2. What if I don’t have a Will?
If you’re a dentist and you have a practice and you pass away without a Will, you are said to have died “intestate”. This is a problem. Most likely, a locum will need to enter the scene. This does not generally bode well for the team (i.e. staff and associates) or the patients. They need certainty and continuity. They want to see a new dentist enter. And they may abandon ship if it takes too long for the practice to be sold. What could cause the delay you ask? Well, if there is no Will, someone will need to apply to court to be the Administrator of the Estate (without a Will). This could take some time as there may be infighting, delays, and problems with all of the paperwork (trust me, it’s a lot of paperwork). Finally, the Administrator may need to get all of the beneficiaries onside to sell the practice. The longer this takes, the more likely that the goodwill of the practice will start to drop (along with the overall purchase price).
3. What information do I need to complete my Will?
If you are a dentist, you can create your Will online NOW using your smartphone (e.g. blackberry, iphone, android phone, etc.). Just go to www.DentistLegalForms.com and use the Will-O-Matic wizard to create your Wills. It takes between 30-60 minutes to create a Will. What kinds of questions will the software ask you? Things like: personal information (e.g. your name, age, city, etc.), who you want to name as your Estate Trustee (the person responsible for administering your estate), what specific gifts you want to make (e.g. cash, real estate, charitable, personal property, etc.), what is to happen with your leftover assets after specific gifts have been made, what age you want your children to receive their inheritance, and a lot more. You can go through the entire questionnaire and see a partial preview of your Will right now, so what are you waiting for?
4. What do I do when I’m done my Will?
After going through the questionnaire, you’ll be able to purchase your Will online. From here, you need to read the detailed signing instructions at the back of the Will. It will tell you how to sign and have your witnesses sign, where to keep your Will, and what kinds of other documents you need to complete your estate (e.g. Powers of Attorney and Personal Information, Assets and Liabilities checklist). Make sure that your Estate Trustee knows where your Will is and has access to it. You should also update your Will every few years and when you experience a significant change in your life (e.g. birth, death, divorce, inheritance, new job, new property, etc.). You should also update your Will before you travel or go in for surgery.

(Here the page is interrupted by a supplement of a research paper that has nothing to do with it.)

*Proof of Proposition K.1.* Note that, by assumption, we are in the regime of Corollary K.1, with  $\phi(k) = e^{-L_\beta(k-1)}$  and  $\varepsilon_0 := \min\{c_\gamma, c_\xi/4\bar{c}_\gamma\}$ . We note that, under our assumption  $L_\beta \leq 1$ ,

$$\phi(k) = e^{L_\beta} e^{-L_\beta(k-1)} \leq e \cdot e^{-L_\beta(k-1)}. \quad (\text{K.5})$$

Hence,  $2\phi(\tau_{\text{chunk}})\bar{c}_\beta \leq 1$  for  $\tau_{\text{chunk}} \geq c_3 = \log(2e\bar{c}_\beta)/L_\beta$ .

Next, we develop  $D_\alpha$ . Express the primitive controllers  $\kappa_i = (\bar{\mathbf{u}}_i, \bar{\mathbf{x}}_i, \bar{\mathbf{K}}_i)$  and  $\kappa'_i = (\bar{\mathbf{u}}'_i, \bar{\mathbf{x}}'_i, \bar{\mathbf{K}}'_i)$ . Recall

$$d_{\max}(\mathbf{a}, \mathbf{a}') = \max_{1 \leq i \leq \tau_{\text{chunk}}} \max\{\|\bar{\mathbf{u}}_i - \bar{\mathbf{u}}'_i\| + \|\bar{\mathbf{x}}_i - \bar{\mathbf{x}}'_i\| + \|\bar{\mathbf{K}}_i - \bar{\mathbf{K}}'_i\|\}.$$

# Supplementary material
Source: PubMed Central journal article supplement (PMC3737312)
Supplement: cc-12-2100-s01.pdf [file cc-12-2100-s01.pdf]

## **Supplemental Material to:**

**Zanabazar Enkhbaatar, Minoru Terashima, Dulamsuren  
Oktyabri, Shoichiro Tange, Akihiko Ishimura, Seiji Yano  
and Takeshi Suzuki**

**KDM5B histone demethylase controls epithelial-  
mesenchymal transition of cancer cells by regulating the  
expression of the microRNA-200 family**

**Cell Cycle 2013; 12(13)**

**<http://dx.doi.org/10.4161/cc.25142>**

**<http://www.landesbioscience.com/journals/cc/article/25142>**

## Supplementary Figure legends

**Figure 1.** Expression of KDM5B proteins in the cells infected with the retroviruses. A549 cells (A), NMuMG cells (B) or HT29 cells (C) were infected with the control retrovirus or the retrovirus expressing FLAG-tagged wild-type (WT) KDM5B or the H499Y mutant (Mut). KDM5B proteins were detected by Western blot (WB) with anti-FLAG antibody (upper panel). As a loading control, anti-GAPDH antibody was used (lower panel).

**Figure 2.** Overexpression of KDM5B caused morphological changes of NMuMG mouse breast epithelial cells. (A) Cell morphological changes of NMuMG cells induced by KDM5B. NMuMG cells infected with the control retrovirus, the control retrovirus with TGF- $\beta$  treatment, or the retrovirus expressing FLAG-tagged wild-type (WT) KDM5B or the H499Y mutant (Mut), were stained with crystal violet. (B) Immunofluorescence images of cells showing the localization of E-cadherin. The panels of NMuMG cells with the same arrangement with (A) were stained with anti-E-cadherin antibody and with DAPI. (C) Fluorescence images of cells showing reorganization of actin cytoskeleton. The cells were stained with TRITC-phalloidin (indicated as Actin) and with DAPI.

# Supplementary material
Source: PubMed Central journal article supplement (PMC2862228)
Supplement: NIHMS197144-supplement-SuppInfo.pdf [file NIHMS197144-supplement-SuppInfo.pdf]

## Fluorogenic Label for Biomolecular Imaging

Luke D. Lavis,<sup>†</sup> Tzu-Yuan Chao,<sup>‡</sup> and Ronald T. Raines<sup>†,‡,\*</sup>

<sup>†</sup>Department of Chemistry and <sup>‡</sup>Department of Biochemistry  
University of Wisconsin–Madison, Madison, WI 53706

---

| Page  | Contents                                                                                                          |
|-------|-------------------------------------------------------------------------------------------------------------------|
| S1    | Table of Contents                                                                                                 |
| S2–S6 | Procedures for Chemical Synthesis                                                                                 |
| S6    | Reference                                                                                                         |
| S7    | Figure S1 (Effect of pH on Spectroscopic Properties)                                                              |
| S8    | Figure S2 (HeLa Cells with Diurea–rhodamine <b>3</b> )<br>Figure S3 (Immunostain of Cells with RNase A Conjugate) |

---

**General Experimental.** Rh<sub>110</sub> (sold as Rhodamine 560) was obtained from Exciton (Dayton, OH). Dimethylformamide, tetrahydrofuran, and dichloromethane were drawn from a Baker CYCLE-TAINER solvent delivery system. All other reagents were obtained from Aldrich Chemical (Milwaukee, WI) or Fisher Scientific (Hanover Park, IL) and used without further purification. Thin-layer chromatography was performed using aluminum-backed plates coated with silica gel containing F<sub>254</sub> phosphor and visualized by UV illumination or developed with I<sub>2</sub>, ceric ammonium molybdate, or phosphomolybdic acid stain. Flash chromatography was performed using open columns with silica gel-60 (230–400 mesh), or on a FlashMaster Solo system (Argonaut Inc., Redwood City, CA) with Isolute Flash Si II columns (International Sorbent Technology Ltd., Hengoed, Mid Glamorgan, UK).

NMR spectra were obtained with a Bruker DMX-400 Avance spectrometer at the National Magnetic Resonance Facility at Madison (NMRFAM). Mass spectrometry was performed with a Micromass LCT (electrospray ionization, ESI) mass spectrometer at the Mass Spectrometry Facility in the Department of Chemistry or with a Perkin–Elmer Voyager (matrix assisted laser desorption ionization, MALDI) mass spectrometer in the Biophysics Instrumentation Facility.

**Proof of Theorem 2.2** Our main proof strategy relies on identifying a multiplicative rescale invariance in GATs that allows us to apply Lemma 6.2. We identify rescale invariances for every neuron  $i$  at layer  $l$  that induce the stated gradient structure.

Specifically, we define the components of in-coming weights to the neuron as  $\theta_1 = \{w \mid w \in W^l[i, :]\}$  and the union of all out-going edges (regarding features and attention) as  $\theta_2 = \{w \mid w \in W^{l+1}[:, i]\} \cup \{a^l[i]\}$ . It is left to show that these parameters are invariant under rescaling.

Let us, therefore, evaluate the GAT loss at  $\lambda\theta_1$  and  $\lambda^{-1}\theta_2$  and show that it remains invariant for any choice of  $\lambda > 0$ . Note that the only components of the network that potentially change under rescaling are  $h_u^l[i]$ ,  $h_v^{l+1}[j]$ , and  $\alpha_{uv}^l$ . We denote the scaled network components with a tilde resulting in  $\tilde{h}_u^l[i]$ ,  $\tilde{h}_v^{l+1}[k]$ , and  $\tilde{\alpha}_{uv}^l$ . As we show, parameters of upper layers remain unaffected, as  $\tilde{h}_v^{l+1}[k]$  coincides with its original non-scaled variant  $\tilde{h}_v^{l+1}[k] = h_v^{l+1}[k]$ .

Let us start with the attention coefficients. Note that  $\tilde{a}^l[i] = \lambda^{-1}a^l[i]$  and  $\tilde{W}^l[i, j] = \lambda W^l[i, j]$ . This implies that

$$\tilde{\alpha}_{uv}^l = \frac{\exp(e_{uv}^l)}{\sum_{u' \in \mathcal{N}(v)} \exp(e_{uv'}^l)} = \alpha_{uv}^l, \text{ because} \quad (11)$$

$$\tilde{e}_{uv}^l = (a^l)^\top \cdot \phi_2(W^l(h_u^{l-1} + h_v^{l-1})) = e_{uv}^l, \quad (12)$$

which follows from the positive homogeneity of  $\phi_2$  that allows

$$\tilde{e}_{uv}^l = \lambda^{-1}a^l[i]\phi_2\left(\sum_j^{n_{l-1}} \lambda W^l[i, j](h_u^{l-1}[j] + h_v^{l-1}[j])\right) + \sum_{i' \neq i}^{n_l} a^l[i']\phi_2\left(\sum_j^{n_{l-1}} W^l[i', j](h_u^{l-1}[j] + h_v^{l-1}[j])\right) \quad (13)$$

If you want to talk Wills (how to get them done in a cost-effective, convenient, and easy-to-understand manner), then go to DentistLegalForms.com now. After you’re done, you can have DMC LLP review everything for you.
Every dentist should have one, but they don’t. Why? Because people don’t want to be pro-active; they typically want to take care of things when there’s a problem. Also, dentists think that when they write their Will, they’ve essentially signed their own death certificate (nothing could be further from the truth; death and taxes are certain, but for the most part no one really knows with certainty when they’re going to pass away). Finally, dentists think that they can simply write something down on a piece of paper near their final hours that will be their Will; the problem here is that it might not be valid or comprehensive enough or even followed if it’s not drafted properly to understand.
So, with these things said, the next few blogs are all going to educate you, my fellow dentist, on all things involving legal Wills. So let’s get started with some important concepts, shall we? Yes, let’s start off with: The Estate.
What the heck is an Estate?